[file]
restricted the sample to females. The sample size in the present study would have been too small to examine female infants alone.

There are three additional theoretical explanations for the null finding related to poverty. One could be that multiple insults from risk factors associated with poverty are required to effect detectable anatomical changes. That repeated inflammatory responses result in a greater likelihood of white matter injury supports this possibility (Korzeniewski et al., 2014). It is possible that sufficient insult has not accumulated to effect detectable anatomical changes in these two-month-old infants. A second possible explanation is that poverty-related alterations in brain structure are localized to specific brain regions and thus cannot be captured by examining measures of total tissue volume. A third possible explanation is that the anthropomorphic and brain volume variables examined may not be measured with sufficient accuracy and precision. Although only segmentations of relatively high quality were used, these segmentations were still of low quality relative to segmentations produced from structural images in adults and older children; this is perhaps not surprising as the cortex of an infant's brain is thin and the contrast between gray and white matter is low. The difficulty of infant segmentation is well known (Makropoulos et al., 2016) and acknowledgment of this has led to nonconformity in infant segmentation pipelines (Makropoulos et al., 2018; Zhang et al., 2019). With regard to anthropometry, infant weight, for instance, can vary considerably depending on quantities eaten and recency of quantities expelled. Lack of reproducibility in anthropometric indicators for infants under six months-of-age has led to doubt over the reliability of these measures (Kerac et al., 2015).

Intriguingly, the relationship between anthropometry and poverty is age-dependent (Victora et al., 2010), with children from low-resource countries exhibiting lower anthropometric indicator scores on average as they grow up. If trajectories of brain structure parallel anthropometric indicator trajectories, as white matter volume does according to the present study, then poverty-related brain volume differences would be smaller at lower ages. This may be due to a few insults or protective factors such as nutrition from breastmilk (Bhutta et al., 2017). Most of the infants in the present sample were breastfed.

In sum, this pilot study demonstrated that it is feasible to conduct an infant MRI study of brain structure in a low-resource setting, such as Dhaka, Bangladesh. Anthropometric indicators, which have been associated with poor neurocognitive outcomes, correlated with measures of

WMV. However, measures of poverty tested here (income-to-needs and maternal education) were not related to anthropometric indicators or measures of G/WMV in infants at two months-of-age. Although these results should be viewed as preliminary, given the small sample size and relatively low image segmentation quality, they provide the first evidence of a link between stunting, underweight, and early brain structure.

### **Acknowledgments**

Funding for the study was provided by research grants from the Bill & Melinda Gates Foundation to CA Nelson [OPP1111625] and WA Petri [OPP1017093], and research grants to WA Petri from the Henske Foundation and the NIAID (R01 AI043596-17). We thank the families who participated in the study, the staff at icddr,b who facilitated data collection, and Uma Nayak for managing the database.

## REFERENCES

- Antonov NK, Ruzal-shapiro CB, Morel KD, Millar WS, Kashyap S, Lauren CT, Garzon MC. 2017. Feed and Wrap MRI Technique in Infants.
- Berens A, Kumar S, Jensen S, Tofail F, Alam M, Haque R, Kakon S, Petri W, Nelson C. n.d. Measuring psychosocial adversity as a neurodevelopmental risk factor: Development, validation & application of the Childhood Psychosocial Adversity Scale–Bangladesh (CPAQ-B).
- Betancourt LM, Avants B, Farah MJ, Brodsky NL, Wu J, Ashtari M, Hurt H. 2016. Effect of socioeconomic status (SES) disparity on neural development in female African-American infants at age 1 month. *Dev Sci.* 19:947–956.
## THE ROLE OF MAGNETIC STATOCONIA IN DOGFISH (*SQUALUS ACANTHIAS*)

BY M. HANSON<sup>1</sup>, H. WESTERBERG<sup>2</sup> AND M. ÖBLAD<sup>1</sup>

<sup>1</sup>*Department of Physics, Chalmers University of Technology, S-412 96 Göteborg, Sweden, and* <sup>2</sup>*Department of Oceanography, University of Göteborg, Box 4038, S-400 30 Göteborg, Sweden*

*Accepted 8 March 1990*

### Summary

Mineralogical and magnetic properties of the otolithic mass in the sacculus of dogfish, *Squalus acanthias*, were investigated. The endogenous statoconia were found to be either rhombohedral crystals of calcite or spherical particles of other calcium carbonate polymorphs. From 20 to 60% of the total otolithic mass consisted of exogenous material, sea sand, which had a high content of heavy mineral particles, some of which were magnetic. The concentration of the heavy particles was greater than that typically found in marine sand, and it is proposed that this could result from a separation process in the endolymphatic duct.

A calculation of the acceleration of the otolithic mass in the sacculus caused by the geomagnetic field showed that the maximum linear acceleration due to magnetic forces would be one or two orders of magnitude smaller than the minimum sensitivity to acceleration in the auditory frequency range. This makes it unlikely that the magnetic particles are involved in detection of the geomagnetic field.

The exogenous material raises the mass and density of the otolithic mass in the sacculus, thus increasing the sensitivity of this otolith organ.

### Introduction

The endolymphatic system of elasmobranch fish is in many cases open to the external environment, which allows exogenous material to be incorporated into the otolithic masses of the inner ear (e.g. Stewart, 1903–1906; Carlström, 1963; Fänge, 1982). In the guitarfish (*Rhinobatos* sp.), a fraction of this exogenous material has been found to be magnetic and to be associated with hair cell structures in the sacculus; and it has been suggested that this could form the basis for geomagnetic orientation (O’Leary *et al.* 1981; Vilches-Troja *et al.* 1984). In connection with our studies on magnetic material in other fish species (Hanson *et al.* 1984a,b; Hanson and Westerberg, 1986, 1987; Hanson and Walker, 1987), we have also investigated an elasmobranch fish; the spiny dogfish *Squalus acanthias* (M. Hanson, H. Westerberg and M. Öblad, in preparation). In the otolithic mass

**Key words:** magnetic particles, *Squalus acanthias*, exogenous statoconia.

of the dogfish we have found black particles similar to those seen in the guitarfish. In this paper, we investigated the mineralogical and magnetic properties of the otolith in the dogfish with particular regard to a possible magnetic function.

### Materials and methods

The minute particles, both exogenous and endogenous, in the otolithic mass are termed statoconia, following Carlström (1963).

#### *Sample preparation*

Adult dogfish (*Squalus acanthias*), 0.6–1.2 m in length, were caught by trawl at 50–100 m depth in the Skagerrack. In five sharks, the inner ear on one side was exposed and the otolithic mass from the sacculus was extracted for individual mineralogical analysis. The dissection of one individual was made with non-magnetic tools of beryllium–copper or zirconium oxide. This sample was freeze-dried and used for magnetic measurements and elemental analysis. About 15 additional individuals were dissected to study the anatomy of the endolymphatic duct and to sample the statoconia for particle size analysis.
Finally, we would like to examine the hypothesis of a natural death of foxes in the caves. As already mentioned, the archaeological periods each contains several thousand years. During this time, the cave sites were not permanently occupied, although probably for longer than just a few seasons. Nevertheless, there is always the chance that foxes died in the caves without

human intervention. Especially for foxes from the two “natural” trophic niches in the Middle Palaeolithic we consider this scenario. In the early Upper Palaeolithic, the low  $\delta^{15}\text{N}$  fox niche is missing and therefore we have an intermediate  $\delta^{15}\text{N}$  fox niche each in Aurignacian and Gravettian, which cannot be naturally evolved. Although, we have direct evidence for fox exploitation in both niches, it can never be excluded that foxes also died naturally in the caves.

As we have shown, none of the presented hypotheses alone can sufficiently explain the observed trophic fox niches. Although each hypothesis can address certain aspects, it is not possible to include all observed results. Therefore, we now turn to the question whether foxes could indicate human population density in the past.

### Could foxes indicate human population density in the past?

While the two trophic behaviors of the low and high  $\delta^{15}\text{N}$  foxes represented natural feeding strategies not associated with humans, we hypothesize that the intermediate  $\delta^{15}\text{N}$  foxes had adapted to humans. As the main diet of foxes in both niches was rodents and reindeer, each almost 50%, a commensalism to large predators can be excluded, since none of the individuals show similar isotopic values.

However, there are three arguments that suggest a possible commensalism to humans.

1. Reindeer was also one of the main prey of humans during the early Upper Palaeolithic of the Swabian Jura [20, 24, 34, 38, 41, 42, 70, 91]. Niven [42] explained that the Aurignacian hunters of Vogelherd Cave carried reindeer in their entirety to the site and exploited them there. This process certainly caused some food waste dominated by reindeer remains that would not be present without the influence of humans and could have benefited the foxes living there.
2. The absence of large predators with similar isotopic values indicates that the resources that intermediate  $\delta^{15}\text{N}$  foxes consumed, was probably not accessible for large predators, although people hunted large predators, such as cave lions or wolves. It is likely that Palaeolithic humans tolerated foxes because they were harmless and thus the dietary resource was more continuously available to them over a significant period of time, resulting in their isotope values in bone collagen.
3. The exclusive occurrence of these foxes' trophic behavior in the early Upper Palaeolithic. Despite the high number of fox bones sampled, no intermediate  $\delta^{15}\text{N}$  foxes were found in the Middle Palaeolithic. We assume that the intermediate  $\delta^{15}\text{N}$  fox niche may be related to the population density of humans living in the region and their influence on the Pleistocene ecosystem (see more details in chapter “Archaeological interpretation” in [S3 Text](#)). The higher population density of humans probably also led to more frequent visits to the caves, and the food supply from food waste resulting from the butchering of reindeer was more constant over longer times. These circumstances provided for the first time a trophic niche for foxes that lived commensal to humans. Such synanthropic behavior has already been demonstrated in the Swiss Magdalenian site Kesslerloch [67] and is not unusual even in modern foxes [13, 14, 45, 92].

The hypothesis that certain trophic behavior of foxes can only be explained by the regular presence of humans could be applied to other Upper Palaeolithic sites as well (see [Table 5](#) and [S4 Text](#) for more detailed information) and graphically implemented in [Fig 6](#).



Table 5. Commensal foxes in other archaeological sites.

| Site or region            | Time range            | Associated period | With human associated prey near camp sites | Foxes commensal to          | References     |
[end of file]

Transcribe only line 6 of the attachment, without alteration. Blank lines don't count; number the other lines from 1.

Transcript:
### **Acknowledgments**